New Extreme H series will use hydrogen fuel cell powertrain; share chassis and venues with Extreme E.
Extreme E bosses will launch the world’s first hydrogen-powered off-road motorsport series, called Extreme H, in 2024.
It will effectively be a sister to the existing Extreme E series, featuring the same control chassis and sporting regulations and running on the same events.
That means it will compete in remote locations affected by climate change and feature teams of male and female drivers.
The only difference between the two categories will be the powertrain: while Extreme E cars use a battery electric powertrain, Extreme H cars will draw power from a hydrogen fuel cell system.
Organisers have yet to outline the specifics of the powertrain, but hinted it will roughly match the 400kW output of an Extreme E car and said their goal is to begin testing a prototype early next year.
Series boss Alejandro Agag, who also founded the Formula E electric single-seater championship, said: “Extreme E was designed to be a testbed for innovation and solutions for mobility. It has become increasingly clear to us that creating a hydrogen racing series is a natural evolution of our mission to showcase the possibilities of new technologies in the race to fight climate issues.
“Sport is the fastest and most effective platform for driving innovation, and by using the existing Extreme E platform, we can also utilise our transport, talent and operations to ensure we’re minimising footprint in the process. This effectively means we can have double the race action with marginal additional impact.”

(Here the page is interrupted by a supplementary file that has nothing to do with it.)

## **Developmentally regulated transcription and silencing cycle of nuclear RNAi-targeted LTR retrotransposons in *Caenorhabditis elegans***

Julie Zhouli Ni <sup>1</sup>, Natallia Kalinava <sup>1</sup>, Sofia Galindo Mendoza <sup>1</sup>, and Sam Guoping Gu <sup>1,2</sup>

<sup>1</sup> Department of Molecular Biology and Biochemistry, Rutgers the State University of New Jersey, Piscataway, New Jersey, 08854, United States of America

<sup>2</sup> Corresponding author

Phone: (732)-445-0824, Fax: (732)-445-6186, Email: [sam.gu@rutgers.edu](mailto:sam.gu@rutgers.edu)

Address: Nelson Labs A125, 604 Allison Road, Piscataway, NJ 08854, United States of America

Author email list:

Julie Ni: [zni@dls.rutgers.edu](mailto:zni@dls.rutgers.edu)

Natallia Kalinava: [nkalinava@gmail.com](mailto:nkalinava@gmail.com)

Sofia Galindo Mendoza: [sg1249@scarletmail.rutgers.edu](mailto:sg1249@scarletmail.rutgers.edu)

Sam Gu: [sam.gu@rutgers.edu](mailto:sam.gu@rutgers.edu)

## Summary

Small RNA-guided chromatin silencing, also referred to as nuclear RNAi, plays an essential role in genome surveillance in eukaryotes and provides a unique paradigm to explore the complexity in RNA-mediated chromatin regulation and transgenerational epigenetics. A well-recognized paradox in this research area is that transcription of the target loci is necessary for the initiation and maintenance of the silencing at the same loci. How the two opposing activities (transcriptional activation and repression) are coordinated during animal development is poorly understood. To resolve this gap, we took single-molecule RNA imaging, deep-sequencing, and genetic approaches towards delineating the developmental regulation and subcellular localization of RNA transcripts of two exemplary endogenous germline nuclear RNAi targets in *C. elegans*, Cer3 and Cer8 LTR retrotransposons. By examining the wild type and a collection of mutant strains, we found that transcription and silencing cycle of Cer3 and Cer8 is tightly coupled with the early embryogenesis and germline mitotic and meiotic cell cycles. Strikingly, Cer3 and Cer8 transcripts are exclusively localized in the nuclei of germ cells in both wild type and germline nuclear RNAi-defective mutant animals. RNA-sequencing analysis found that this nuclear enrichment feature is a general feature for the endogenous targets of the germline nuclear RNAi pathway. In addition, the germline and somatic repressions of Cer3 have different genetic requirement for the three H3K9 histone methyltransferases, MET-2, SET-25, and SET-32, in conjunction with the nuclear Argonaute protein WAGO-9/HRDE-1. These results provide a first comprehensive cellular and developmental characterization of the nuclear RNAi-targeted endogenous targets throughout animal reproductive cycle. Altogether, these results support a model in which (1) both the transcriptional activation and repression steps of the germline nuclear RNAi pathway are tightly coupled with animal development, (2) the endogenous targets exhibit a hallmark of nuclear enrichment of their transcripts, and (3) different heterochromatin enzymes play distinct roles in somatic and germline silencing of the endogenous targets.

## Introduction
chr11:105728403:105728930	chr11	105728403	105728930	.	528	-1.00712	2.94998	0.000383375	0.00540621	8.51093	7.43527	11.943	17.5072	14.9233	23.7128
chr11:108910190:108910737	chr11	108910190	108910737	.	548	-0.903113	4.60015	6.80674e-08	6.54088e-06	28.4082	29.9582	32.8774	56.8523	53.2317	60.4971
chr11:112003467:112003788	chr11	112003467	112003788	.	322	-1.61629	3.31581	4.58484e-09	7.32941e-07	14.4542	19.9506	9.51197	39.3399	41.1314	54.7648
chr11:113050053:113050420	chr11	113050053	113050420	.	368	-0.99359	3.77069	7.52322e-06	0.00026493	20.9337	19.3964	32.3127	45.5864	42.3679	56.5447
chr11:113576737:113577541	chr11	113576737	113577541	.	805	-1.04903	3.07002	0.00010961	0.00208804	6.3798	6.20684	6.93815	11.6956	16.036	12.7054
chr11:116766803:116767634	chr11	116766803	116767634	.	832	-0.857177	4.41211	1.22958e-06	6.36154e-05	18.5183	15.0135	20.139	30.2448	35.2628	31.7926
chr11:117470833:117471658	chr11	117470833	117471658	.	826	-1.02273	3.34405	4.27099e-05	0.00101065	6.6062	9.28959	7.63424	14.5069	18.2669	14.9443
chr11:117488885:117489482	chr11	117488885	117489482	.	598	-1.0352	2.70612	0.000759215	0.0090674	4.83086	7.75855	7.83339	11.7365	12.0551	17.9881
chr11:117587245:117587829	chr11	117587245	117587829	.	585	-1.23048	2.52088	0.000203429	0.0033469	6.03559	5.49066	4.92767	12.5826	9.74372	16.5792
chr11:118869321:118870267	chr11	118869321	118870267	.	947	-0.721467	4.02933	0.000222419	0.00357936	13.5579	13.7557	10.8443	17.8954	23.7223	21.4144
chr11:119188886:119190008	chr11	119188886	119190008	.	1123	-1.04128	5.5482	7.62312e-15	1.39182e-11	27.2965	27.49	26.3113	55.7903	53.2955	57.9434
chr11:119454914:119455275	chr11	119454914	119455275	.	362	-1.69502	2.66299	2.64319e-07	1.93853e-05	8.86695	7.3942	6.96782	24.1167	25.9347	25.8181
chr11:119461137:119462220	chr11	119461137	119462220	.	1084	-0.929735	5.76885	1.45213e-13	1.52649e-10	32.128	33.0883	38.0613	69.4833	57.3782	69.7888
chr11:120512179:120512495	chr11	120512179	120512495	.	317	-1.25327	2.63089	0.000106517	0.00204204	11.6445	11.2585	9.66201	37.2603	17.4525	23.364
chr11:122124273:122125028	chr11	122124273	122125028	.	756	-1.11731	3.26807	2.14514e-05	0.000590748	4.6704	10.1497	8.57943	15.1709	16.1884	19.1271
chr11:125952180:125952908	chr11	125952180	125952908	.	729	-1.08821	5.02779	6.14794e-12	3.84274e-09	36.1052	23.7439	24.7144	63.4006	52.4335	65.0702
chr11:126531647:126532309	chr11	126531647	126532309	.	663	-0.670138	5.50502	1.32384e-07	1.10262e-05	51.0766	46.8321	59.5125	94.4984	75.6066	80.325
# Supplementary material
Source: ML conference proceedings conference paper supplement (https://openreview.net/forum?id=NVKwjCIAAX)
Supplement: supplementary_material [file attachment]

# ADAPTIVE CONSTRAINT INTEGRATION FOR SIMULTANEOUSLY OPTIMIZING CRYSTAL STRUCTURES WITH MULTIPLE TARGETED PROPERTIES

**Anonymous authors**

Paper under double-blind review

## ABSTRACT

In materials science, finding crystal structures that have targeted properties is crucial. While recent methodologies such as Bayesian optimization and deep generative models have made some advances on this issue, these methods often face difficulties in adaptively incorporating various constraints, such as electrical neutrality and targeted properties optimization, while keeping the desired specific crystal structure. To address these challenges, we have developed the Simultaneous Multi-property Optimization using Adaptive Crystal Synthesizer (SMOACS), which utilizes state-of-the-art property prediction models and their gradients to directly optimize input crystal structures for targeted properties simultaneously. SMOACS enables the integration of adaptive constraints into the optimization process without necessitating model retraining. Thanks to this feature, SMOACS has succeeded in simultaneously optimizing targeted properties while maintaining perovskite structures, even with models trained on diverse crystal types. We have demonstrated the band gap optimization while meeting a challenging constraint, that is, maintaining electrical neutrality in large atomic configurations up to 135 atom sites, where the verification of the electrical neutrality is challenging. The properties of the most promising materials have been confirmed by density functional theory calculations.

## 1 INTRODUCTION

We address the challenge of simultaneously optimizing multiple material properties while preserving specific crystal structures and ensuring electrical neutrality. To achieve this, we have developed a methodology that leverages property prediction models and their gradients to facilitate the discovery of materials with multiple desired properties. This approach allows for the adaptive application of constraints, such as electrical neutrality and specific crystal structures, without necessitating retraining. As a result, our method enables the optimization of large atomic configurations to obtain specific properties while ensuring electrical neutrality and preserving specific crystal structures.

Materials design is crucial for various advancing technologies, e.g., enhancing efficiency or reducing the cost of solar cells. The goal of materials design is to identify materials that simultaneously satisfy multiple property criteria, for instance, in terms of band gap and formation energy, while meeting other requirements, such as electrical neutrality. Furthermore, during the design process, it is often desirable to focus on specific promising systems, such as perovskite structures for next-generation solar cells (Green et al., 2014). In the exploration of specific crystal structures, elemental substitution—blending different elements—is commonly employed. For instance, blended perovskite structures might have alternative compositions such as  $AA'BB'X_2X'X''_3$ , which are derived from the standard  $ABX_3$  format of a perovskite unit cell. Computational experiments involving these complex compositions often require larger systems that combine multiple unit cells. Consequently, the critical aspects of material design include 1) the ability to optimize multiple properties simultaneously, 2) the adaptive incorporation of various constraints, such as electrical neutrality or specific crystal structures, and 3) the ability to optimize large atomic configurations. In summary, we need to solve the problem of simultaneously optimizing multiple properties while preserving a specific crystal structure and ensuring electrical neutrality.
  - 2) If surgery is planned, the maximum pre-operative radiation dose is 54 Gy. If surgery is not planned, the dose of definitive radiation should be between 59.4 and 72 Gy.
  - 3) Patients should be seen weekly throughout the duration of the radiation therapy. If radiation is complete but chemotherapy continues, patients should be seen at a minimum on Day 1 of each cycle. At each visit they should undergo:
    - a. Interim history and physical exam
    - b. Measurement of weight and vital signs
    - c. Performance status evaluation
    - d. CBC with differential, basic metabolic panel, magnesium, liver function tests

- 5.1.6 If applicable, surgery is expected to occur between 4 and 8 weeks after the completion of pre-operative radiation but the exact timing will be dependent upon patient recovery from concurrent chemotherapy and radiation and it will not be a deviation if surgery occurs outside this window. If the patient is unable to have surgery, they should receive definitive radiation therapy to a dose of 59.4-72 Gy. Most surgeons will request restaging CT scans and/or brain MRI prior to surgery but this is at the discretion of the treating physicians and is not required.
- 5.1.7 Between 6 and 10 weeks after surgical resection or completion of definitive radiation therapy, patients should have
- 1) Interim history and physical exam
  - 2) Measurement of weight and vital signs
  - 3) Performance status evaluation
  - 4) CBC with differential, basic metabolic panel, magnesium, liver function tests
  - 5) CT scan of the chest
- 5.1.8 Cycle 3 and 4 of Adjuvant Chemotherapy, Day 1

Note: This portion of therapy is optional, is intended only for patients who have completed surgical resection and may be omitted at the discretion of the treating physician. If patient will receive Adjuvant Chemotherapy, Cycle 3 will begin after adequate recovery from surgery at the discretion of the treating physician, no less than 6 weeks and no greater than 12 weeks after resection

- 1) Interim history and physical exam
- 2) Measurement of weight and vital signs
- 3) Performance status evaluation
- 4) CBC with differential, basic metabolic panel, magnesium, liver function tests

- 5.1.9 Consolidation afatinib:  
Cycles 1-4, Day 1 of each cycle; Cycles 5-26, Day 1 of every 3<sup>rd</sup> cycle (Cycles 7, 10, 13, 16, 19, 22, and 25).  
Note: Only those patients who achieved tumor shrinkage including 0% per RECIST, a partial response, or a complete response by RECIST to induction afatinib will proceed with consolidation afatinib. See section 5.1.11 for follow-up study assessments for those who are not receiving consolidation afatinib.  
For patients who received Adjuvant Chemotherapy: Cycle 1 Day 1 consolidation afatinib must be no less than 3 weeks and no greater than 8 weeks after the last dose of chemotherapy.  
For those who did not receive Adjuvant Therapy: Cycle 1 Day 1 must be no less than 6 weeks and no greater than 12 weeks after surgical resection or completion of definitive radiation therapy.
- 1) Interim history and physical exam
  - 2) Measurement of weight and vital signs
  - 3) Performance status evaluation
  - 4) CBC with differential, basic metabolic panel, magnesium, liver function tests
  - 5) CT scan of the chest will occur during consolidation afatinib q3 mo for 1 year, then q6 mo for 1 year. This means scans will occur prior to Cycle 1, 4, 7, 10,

While the two series will run as separate events, Agag added that they could stage some form of combined final at events – potentially utilising a ‘relay’ format with one driver in an XE car and the other in the XH machine.
Asked about criticisms that hydrogen-electric powertrains aren’t as efficient as battery-electric versions, Agag said: “I’ve heard this question and I understand the critics, but my view is that I just get on with it. Hydrogen is an option that can help in the mix.
“There’s no ideal solution: battery-electric is not the ideal solution. Hydrogen is not the ideal solution. To get us out of the place we’re in will take a mix of solutions.”
While hydrogen has advantages over battery electric cars over longer ranges, Agag added that Extreme H would stick with the same short-race format as Extreme E. “It’s a format that works for us, works on the event and makes for great TV,” he said.
While organisers wouldn’t go into specifics, it’s likely that the Extreme H series could benefit from the charging system already developed for Extreme E. The battery-electric off-road 4x4s are charged from a generator developed by British firm AFC Energy, powered by ‘green hydrogen’ developed on site through solar-generated electricity and water.